Online nastiness has been there since its inception, but once upon a time, one could make the argument that there was a line between cyberspace and the “real” world. “Don’t like it? Don’t read it” was the short-sighted thinking.
But the lines aren’t just blurred today; they’re nonexistent. The internet has become an indispensable part of the modern world, and real lives are affected all the time now. The Houston Chronicle’s running a story today, for instance, about a woman who’s photo went online in February.
“It’s been completely humiliating,” she said. An anonymous person posted a photo of the woman with a mean-spirited message saying she has herpes, is fat, is sexually promiscuous and uses cocaine.
Near as I can tell, the site where this photo appeared exists for the sole purpose of maligning other people. How pathetic.
(An aside: You’ve probably have heard of this slimy website already. This is the same site that’s doing its level best to attack Carrie Prejean (Miss California) by releasing “semi-nude” photos of her, complete with pointed commentary.)
But there’s more driving this post than a local woman’s online humiliation at the hands of “anonymous” via some pathetic smear-mongerer. The anonymity inherently possible in the cyberworld has given rise to a teeming cesspool of hate and maliciousness that boggles the mind, and for me, the most horrific example is the story of Nikki Catsouras:
Not long after their 18-year-old daughter died in a car accident, Christos and Lesli Catsouras were forced to relive their grief.
They soon began receiving anonymous e-mails and text messages that contained photographs of the accident, including pictures of Nicole Catsouras’ decapitated body, still strapped to the crumpled remains of her father’s Porsche. A fake MySpace page was created, which at first looked like a tribute to Catsouras but also led to the horrific photos. [Snip]
The images became so persistent that Lesli Catsouras stopped checking her e-mail. Nikki’s three younger sisters were forbidden to use the Internet, and 16-year-old Danielle was taken out of school to be home schooled out of fear that her peers might confront her with the pictures.
“There was threats that people were gonna put the pictures on my locker, in my locker,” said Danielle. “I remember her in such a great way, I don’t wanna see it and have that image stuck in my head.”
I can’t even imagine the level of moral depravity required to inflict such injury on a suffering family.
Worse, the victims of these sick, soulless zombies are unable to stop the madness. It’s just too easy to toss stuff out there. Furthermore, some repulsive people are hiding behind the First Amendment.
“We’ve asked them to please take down the pictures, and they’ve said, ‘No, I don’t have to because I’ve got my First Amendment rights,” says Lesli Catsouras of the Web sites that still carry the photos. “But we have rights, you know, we’re living in the United States of America.”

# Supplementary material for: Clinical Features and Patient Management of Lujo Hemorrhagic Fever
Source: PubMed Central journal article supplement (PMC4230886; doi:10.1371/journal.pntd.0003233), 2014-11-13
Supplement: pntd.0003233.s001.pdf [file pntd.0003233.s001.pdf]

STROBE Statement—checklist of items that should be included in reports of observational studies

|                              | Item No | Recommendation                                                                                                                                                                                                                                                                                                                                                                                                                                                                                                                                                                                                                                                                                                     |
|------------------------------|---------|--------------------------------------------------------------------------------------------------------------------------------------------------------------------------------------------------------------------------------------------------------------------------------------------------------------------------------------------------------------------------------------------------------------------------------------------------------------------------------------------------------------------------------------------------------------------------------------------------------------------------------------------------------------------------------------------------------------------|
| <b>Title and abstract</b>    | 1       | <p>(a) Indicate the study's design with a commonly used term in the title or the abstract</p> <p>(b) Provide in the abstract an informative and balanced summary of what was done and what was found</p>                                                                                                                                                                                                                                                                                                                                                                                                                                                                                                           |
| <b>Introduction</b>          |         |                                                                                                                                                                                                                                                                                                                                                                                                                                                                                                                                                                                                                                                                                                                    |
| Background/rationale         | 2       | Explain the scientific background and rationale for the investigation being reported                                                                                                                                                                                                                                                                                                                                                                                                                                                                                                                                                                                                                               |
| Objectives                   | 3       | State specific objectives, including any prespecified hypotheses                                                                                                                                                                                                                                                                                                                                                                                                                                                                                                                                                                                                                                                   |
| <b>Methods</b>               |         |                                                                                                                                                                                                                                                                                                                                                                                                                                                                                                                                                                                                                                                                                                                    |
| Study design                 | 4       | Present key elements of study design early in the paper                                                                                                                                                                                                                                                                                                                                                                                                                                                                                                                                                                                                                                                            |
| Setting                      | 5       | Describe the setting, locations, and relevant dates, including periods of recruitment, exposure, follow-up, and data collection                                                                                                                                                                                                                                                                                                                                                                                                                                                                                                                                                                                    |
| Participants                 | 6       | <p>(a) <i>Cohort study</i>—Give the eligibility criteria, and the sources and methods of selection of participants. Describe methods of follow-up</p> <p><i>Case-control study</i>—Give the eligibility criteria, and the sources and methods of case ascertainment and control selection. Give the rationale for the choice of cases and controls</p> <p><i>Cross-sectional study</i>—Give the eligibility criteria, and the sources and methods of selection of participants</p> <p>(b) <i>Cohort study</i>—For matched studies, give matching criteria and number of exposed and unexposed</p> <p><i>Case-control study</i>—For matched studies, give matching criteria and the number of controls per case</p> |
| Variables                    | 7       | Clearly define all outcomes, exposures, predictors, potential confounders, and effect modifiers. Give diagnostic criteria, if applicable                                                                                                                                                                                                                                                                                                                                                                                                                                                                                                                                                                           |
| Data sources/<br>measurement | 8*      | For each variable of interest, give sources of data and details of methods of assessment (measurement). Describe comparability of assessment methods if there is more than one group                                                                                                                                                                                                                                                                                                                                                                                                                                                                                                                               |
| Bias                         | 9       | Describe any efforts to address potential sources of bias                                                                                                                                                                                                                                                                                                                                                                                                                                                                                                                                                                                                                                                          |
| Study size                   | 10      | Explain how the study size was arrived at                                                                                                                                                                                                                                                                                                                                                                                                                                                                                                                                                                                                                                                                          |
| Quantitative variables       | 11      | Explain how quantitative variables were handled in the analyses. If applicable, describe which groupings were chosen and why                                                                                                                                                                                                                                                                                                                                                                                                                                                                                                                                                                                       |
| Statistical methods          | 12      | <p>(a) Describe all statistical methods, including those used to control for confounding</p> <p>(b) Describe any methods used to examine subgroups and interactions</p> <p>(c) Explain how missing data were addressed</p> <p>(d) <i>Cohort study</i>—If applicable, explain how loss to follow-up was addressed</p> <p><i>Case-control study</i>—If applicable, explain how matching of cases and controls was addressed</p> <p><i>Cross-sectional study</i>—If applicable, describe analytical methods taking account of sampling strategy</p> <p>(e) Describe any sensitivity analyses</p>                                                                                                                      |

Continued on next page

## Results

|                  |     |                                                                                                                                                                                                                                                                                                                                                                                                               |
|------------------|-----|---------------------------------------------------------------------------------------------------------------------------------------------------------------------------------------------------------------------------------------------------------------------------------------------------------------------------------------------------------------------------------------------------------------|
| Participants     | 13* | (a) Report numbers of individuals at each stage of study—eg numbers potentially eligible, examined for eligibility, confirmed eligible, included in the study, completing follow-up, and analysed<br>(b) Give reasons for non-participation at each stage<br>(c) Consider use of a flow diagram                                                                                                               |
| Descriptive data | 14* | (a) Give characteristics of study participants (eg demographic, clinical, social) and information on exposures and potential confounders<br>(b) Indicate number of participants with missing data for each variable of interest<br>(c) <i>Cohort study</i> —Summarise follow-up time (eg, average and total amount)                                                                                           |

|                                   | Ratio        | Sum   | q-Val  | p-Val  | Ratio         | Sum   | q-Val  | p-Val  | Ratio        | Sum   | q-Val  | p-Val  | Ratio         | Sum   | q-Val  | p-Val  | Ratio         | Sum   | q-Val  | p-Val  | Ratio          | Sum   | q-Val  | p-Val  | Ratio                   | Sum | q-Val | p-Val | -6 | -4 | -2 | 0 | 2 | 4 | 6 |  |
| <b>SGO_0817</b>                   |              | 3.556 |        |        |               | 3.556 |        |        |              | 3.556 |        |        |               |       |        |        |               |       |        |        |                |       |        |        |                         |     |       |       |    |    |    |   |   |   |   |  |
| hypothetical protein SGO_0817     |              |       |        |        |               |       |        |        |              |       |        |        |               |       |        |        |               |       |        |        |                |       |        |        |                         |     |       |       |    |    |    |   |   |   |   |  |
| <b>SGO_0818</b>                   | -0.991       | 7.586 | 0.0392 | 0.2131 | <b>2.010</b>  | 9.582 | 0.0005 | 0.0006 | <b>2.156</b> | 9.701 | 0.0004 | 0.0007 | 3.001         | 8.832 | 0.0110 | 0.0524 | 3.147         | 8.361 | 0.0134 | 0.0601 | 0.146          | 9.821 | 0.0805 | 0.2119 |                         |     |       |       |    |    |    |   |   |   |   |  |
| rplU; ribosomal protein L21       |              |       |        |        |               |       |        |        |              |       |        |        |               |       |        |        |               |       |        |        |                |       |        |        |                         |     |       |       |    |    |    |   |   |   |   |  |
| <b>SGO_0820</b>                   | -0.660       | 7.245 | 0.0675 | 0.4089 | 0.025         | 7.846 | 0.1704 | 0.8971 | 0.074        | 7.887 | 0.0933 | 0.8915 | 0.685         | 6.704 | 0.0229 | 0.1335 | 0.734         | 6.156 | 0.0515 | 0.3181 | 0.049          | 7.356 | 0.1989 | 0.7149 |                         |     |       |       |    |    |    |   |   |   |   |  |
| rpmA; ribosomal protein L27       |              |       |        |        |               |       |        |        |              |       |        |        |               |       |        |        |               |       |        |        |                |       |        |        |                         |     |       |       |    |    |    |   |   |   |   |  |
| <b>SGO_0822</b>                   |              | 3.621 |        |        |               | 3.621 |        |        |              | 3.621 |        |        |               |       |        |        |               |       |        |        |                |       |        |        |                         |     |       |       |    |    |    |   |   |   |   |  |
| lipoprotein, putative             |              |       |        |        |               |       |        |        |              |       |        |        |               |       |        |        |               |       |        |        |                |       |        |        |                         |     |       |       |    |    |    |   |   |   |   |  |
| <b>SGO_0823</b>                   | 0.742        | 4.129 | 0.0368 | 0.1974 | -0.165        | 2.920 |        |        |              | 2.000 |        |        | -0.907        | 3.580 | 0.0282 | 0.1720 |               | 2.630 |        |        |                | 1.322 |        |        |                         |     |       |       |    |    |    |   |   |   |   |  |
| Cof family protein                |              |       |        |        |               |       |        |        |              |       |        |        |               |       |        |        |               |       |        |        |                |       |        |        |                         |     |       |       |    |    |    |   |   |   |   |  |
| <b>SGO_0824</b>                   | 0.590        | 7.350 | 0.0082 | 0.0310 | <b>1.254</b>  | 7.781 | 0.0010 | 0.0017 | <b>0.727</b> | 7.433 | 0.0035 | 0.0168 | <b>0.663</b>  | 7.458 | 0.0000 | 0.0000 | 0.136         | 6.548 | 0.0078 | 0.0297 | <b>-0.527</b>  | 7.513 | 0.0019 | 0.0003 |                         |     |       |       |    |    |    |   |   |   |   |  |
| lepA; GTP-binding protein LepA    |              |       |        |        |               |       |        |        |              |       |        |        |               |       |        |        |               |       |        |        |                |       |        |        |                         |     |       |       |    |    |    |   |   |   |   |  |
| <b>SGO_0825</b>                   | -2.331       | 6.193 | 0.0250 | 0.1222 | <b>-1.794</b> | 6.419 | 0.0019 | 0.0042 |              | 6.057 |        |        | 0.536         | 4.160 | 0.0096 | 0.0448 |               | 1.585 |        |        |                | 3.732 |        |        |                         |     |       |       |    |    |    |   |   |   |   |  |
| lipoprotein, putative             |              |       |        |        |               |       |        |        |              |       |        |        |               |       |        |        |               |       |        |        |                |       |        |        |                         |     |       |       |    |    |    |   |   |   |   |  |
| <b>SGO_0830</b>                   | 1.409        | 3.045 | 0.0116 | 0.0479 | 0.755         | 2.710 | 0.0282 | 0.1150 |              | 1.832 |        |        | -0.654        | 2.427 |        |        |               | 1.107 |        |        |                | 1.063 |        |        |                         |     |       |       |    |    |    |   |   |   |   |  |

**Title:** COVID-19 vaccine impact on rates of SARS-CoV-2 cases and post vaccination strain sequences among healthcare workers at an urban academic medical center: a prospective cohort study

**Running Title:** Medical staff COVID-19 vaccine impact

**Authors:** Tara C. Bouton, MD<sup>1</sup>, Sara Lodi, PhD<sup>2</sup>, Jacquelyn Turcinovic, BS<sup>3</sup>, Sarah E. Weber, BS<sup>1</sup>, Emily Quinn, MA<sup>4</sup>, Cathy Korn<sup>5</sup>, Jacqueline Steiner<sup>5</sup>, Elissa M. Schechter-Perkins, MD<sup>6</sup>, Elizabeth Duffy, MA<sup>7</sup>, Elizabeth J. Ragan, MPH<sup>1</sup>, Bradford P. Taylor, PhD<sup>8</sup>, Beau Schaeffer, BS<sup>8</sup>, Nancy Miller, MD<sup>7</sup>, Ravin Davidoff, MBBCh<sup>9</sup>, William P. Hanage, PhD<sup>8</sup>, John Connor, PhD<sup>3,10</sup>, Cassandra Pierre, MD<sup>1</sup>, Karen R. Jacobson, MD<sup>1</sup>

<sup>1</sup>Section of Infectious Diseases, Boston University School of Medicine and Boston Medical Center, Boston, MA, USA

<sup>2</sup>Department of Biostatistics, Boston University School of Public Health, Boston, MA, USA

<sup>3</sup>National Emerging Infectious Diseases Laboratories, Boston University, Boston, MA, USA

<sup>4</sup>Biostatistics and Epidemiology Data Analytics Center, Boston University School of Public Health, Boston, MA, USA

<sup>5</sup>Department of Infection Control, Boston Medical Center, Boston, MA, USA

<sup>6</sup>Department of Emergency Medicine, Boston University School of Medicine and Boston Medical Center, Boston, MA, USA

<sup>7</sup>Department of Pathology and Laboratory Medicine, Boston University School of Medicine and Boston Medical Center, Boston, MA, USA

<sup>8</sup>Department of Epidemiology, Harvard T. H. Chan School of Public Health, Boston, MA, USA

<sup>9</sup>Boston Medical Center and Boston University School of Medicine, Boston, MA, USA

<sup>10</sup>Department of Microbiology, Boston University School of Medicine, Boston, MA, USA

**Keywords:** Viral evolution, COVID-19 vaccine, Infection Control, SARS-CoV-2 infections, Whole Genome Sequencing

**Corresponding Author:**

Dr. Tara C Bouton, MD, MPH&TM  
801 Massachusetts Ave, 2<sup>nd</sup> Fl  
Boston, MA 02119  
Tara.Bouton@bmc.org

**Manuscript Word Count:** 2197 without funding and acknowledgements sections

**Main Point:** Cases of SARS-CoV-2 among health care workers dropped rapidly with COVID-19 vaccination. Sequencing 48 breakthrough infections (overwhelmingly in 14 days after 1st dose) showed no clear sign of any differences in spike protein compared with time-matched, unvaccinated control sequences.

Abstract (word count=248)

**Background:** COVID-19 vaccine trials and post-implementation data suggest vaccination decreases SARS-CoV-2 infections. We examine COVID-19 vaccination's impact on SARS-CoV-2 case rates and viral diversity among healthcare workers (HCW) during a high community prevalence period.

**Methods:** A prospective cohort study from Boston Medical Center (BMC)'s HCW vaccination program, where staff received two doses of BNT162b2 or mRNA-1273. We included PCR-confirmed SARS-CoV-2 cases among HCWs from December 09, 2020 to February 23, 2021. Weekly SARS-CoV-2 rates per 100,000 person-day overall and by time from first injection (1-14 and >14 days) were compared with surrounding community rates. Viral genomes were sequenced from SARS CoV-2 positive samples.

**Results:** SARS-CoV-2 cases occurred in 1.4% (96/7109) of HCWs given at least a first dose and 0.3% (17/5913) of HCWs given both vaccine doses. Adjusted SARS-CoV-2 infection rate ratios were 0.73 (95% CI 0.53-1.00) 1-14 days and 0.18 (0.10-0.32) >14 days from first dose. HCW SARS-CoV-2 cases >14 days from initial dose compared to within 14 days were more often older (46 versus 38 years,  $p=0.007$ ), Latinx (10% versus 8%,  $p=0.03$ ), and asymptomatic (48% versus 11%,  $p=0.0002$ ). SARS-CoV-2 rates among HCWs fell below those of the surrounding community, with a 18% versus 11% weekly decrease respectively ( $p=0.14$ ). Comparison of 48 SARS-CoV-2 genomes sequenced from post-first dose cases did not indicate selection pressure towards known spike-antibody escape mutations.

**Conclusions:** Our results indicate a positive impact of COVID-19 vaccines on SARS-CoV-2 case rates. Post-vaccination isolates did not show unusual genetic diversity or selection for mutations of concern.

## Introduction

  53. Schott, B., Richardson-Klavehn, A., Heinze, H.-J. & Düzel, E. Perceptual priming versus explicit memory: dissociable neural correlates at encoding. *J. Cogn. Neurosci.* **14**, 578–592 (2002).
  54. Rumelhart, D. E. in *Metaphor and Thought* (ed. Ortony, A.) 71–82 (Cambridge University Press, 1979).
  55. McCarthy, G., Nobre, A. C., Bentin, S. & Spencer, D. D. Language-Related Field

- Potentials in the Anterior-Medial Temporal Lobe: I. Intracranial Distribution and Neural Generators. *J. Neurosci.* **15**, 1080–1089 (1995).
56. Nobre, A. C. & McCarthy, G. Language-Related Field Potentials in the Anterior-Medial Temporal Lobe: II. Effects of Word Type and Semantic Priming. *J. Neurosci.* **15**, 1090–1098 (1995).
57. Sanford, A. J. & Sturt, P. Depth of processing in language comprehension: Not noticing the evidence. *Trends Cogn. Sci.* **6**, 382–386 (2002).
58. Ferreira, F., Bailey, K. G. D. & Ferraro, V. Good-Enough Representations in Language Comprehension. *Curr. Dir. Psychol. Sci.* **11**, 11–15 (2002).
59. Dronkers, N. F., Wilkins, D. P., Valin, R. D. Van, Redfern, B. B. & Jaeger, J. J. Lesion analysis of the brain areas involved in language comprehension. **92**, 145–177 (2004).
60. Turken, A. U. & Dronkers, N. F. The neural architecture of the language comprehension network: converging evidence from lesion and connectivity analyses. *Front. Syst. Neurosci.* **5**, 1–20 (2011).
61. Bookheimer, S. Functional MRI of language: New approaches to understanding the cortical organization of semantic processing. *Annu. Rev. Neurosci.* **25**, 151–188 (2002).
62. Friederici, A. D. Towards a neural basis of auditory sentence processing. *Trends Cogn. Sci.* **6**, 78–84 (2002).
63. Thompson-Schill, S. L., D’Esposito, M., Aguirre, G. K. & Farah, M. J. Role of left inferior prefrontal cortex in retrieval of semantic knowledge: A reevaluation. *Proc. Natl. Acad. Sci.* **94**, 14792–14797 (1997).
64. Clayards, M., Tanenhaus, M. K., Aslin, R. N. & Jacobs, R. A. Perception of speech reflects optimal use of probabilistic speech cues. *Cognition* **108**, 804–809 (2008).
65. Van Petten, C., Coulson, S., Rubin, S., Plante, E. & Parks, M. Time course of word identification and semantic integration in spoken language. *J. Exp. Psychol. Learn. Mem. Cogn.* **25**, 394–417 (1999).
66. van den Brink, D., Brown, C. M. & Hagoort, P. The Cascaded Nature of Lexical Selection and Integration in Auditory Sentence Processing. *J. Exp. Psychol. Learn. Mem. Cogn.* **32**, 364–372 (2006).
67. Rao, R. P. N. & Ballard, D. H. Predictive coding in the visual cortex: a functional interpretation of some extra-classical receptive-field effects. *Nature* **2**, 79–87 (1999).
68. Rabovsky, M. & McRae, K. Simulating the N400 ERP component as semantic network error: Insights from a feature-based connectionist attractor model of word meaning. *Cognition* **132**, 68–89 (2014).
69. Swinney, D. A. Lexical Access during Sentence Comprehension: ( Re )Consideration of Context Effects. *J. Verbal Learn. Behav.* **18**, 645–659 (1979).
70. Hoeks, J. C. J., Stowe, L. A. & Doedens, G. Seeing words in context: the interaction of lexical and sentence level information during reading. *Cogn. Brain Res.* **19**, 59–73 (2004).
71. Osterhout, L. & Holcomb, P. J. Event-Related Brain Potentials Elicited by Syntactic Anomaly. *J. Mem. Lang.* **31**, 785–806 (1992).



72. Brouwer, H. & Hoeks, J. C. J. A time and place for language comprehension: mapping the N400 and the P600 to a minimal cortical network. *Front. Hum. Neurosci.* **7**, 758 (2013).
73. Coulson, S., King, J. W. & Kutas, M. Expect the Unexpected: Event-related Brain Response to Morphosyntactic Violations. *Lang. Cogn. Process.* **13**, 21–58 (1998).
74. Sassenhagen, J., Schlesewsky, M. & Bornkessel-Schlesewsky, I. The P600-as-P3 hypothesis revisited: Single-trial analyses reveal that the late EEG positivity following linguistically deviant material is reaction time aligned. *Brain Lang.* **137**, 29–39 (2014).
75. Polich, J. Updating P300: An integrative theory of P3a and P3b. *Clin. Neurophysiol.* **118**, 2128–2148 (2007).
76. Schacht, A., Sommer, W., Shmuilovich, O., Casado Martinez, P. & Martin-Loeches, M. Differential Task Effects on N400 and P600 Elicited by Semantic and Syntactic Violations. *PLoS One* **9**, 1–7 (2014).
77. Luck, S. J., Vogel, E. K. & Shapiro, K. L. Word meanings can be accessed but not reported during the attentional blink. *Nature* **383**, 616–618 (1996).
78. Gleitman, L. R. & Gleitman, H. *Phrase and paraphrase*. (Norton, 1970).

The family finally gave up on the losing web battle and, in an effort to create a deterrent against future horrors, sued the California Highway Patrol, since that’s the source of the leaked photos. And again they lost (though they’re appealing).
In March 2008, [the case] was dismissed by a superior-court judge, who ruled that while the dispatchers’ conduct was “utterly reprehensible,” it hadn’t violated the law. “No duty exists between the surviving family and defendant,” the opinion reads, because privacy rights don’t extend to the dead. “It’s an unfortunate situation, and our heart goes out to the family,” says R. Rex Parris, the attorney representing O’Donnell. “But this is America, and there’s a freedom of information.”
This is not just sickening. It’s a real problem.
The online fight to protect free speech, however important, is both misguided and self-destructive, because the traditional societal tools — censure, civil or criminal charges — are completely useless against an anonymous tormentor.
Reputations, sanity, and common decency have been cast aside as secondary to the internet’s rampant growth. Business, industry, and society have all been transformed by this technology, and it’s fully integrated in almost every aspect of the modern world.
But it’s a free-wheeling madhouse spinning out of control. We’ve unleashed a monster, and unless we get some laws into place to protect people, the pathetic cowards who hide behind their “anonymous” shields are going to destroy the tool on which we’ve all come to rely.
And while I both hate and fear the level of regulation this will require, I hate and fear the power “anonymous” has over people’s lives more. We’re going to have to unmask the filthy cowards, and expose them to the legal and social consequences of their words and actions.
Postscript: I understand the arguments for anonymity online. I even agree that without it, there are situations in which people would not feel able to express opinions at all. But I do not see a way to protect that anonymity without exposing others to permanent, malicious emotional, social and/or economic damage from which they cannot defend themselves. If you have another solution, I’d love to hear it.